The Court in resolving the motion said that, the proponent of a summary judgment motion must make a prima facie showing of entitlement to judgment as a matter of law, tendering sufficient evidence to eliminate any material issues of fact from the case. The burden then shifts to the motion’s opponent to present evidentiary facts in admissible form sufficient to raise a genuine, triable issue of fact.

Labor Law § 240 (1), also known as the Scaffold Law, provides, in relevant part:
All contractors and owners and their agents in the erection, demolition, repairing, altering, painting … shall furnish or erect, or cause to be furnished or erected for the performance of such labor, scaffolding, hoists … and other devices which shall be so constructed, placed and operated as to give proper protection to a person so employed.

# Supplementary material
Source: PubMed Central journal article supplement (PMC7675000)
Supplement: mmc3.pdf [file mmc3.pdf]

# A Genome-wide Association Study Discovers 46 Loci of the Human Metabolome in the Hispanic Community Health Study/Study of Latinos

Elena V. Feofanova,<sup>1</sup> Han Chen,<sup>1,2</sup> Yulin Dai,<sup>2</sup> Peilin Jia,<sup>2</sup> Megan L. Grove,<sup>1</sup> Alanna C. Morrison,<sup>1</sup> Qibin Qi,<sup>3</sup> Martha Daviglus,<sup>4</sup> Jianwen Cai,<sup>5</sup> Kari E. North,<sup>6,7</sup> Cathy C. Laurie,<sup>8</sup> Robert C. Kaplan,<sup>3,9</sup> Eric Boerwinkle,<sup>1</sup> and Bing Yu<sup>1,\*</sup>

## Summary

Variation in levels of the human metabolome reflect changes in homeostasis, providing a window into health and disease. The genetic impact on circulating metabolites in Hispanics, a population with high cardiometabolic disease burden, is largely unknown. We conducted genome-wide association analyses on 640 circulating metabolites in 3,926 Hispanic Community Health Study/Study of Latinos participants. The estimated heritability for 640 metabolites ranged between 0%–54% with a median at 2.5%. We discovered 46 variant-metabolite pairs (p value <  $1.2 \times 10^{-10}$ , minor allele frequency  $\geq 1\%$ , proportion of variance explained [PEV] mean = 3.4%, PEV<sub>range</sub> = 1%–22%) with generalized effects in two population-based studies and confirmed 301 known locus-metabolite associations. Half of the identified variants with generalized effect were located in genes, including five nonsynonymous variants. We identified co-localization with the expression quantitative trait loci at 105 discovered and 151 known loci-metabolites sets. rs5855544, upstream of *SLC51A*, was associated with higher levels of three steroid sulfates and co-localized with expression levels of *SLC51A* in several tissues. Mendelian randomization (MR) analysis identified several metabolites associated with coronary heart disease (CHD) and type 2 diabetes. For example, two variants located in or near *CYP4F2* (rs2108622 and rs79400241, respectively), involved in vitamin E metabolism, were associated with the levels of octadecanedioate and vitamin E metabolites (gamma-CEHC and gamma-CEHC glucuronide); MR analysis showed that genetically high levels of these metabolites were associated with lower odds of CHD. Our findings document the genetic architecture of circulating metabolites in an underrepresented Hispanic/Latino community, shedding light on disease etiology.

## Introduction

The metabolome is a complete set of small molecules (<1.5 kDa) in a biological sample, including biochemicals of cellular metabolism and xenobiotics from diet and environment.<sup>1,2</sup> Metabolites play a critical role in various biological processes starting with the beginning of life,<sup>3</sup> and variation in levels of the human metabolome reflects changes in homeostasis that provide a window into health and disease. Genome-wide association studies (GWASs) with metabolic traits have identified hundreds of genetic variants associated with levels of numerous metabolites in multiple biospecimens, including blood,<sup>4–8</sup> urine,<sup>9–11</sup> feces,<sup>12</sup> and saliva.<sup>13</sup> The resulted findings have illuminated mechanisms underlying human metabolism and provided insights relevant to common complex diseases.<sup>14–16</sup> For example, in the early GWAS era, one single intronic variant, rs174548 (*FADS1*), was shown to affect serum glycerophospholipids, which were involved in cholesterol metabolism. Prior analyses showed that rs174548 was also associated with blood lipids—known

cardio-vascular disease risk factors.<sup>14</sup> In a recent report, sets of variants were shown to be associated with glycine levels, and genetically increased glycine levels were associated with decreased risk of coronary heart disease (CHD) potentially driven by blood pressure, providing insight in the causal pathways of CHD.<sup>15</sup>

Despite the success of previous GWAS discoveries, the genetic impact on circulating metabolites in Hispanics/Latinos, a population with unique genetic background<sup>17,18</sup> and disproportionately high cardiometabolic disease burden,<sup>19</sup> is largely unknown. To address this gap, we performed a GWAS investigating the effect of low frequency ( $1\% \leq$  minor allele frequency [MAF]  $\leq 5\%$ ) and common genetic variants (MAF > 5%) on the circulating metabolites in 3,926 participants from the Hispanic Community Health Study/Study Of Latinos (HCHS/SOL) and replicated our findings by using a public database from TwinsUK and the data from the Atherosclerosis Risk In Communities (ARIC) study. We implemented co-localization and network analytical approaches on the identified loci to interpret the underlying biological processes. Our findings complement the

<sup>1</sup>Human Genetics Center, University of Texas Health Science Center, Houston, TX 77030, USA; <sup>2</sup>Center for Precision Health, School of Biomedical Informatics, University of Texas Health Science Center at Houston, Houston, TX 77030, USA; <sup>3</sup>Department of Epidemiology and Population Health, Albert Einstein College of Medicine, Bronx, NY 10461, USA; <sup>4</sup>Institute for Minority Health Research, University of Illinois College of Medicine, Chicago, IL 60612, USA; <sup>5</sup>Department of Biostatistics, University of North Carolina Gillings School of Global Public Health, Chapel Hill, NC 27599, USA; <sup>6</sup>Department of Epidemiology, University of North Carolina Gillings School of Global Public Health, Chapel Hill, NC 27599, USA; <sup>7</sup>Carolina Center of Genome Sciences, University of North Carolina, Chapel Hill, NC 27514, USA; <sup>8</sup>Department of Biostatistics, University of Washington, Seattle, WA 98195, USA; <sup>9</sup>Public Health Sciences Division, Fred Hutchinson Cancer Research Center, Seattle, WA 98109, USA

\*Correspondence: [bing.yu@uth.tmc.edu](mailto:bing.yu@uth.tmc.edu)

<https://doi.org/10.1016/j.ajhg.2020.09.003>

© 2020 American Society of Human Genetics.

Labor Law § 240 (1) was designed to prevent those types of accidents in which the scaffold or other protective device proved inadequate to shield the injured worker from harm directly flowing from the application of the force of gravity to an object or person. To prevail on a section 240 (1) claim, the plaintiff must show that the statute was violated and that this violation was a proximate cause of the plaintiff’s injuries.

Pursuant to a stipulation of discontinuance, plaintiff discontinued his claims as against defendant Levitz. As such, Levitz’s motion to dismiss plaintiff’s claims as against it is denied as moot.